In Isaiah 11:6, we find, “The wolf shall also dwell with the lamb, and the leopard shall lie down with the kid; and the calf and the young lion and the fatling together; and a little child shall lead them.”
What did Isaiah know? In his poem, “My Heart Leaps Up When I Behold,” Wordsworth wrote, “The Child is the father of the Man.” Isaiah and Wordsworth were both wrong, I think.
My heart used to leap up, too, at rainbows and girls out picking daffodils. However, if you are aged, and your heart leaps too far, hope someone is there to dial 911.
Per the commandments, I grew up obeying my elders, and they led me in the way I should go until I went out into the cruel world on my own. When I got there, I didn’t know which way to go because there was no one to lead me. I tried following the government, but they couldn’t lead a horse to green pastures or restful waters. If you follow Congress, you will fear being led in the only direction they know, in a shadow in the valley of despair.
When I grew into manhood and began my responsibility of propagating the earth, I led my children, their children and am now leading their children on Skype. I used to sit at the feet of my elders, absorbing wisdom. Did it take? Some did. I remember my grandfather telling me, “Son, never shoe a stud horse when a mare is in heat.” And I remember him repeating something about sweat dropping down a brow.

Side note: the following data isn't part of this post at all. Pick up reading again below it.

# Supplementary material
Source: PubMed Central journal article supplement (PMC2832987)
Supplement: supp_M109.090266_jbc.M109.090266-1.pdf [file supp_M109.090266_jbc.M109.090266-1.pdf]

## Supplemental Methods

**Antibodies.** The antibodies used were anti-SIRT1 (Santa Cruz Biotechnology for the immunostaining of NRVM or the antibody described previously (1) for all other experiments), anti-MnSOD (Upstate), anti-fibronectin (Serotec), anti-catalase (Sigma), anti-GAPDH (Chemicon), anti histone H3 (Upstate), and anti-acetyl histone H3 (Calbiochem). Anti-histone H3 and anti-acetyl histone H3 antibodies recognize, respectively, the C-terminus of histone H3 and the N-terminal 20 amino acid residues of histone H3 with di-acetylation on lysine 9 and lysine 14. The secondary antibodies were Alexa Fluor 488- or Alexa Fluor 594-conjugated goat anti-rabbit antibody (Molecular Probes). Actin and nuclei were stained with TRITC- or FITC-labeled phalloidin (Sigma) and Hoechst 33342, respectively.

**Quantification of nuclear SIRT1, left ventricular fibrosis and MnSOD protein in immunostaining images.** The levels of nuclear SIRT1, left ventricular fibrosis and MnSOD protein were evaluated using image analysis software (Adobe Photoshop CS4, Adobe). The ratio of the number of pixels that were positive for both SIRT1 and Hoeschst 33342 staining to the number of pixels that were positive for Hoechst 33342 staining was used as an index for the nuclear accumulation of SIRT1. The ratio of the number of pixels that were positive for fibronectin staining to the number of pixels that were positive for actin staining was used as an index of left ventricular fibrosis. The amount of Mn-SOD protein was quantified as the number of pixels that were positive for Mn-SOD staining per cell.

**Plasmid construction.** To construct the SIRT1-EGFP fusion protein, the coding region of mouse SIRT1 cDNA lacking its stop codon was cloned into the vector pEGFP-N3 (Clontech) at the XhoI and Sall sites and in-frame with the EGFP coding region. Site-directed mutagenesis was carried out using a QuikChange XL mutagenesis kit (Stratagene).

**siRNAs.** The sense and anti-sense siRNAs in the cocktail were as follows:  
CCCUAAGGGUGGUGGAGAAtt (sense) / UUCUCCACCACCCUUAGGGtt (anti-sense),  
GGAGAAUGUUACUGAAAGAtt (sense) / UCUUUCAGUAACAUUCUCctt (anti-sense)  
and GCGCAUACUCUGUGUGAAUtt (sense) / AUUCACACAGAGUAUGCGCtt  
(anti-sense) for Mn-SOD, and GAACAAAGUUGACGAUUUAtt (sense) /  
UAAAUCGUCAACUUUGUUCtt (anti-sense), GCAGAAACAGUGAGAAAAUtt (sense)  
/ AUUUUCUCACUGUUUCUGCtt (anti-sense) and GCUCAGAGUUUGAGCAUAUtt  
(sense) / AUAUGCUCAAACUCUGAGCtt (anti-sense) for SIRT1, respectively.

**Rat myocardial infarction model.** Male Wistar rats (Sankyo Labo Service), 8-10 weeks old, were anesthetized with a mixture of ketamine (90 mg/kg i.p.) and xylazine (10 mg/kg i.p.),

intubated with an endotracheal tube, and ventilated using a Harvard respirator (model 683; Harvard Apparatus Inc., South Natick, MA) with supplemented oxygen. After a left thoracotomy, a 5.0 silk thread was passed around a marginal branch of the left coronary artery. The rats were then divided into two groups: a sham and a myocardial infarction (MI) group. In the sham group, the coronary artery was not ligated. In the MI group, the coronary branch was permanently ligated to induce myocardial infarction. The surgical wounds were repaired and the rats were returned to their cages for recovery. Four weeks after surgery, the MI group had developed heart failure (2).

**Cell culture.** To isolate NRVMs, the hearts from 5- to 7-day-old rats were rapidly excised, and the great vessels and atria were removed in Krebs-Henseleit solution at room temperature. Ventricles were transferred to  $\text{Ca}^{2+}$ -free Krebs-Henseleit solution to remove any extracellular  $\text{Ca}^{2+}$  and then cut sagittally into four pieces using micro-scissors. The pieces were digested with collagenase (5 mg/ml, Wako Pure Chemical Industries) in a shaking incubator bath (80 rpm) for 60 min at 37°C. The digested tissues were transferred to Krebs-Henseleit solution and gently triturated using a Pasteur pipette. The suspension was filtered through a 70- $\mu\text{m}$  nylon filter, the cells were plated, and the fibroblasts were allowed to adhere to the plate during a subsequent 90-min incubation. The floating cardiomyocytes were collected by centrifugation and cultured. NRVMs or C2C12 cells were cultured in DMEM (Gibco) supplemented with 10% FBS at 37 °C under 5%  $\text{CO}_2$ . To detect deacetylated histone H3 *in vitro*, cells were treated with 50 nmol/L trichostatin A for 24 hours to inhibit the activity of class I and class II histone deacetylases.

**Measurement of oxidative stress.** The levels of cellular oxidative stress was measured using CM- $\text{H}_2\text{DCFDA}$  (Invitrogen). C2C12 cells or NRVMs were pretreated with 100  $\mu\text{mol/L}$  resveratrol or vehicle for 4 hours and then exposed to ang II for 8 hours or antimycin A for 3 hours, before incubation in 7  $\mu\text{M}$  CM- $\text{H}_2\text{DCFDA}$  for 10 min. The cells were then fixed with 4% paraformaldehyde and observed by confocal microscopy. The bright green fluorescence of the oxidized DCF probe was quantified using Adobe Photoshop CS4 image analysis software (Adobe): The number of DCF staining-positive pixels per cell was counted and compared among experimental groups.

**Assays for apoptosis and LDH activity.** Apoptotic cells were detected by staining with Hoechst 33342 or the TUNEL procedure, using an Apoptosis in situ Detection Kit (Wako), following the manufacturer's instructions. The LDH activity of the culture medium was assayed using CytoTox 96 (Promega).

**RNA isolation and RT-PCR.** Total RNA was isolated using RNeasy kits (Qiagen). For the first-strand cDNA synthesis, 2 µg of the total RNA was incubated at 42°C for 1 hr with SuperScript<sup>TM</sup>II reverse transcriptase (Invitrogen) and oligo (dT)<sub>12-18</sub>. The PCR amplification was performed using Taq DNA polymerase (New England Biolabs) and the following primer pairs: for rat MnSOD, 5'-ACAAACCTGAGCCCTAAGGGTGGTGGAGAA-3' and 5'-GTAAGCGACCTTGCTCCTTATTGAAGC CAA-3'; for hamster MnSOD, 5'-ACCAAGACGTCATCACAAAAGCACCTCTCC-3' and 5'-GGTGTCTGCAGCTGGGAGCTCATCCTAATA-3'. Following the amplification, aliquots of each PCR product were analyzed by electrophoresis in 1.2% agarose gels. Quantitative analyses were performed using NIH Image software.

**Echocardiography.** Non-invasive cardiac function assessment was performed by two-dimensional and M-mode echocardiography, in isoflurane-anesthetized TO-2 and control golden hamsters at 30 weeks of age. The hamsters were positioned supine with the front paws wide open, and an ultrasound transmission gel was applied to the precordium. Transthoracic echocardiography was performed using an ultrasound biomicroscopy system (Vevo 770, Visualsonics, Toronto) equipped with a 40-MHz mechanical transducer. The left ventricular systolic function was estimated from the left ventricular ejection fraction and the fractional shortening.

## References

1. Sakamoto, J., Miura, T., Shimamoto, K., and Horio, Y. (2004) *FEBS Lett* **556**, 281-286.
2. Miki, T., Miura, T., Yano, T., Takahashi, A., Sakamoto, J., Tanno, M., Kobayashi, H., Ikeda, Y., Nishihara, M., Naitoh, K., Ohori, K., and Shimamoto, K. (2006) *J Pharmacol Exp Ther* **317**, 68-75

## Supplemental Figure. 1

I was led before computers and hyperlinks. Families back then were not as hyper as they are now, but were hyperlinked like fiddle strings to each other. But then, it was a television in each room, and then each family member had to have a “personal” computer. I remember when we had just one. That’s when my family showed the first signs of hyperactivity. I will say that if individuals are provided with enough gadgets, they will withdraw from society, and it’s the only time you’ll ever get any solitude.
We had friends back in the old days — some dear. George was dear, but he retired to Arizona. He recently came back to see me, and we relived the unbelievably good old days. Those days get better with age. You forget so much. We were having a grand time until George showed me his new iThing. He always liked to keep up with latest to stay ahead of the game. He had been a basketball coach and knew that you can’t score by freezing the ball. George fast broke when he needed to. He believed in staying perched on the cutting edge, no matter how sharp it was.
He said, “My new tablet thing here has my books in it. Let me show you.” He explained that never again would he have to carry bulky books. He could read the Library of Congress, anywhere and anytime. His new nerdy accomplishment made him very happy, but he became extremely morose when his book wouldn’t come up on the screen. He poked and tried every Apple thing he knew. Seeing a dear friend in distress, I felt so sorry for him.
Any true friend comes to the aid of a friend in anguish. I said, “George, here’s what I do when the computer gives me fits. I go outside and, if I see a kid go by on a skateboard or bicycle, I stop him with a $5 bill in my hand. Kids now don’t shoot basketball all day like you and I did.”
It worried me that he had to leave in a tormented state of mind. He had to rush to a dinner with a family in another town. I asked, “They’ve got kids, don’t they?” He knew what I meant. “Drive carefully,” I said, “and put that tablet in the trunk.”
A few hours later, the phone rang. “Hey, Terry!” It was the George I knew. Bliss engulfed him, but computers don’t care if you’re blissful or not, though they’re working on programming emotion into hard drives. He said, “Nine-year-old Justin had my book up in 15 seconds. He right clicked something.”
Happiness is knowing what to click. Someday, a wolf shall lie down with a lamb, and a little child will lead them. Talk about hearts leaping up.
— Contact Terry Cummins at TLCTLC@AOL. com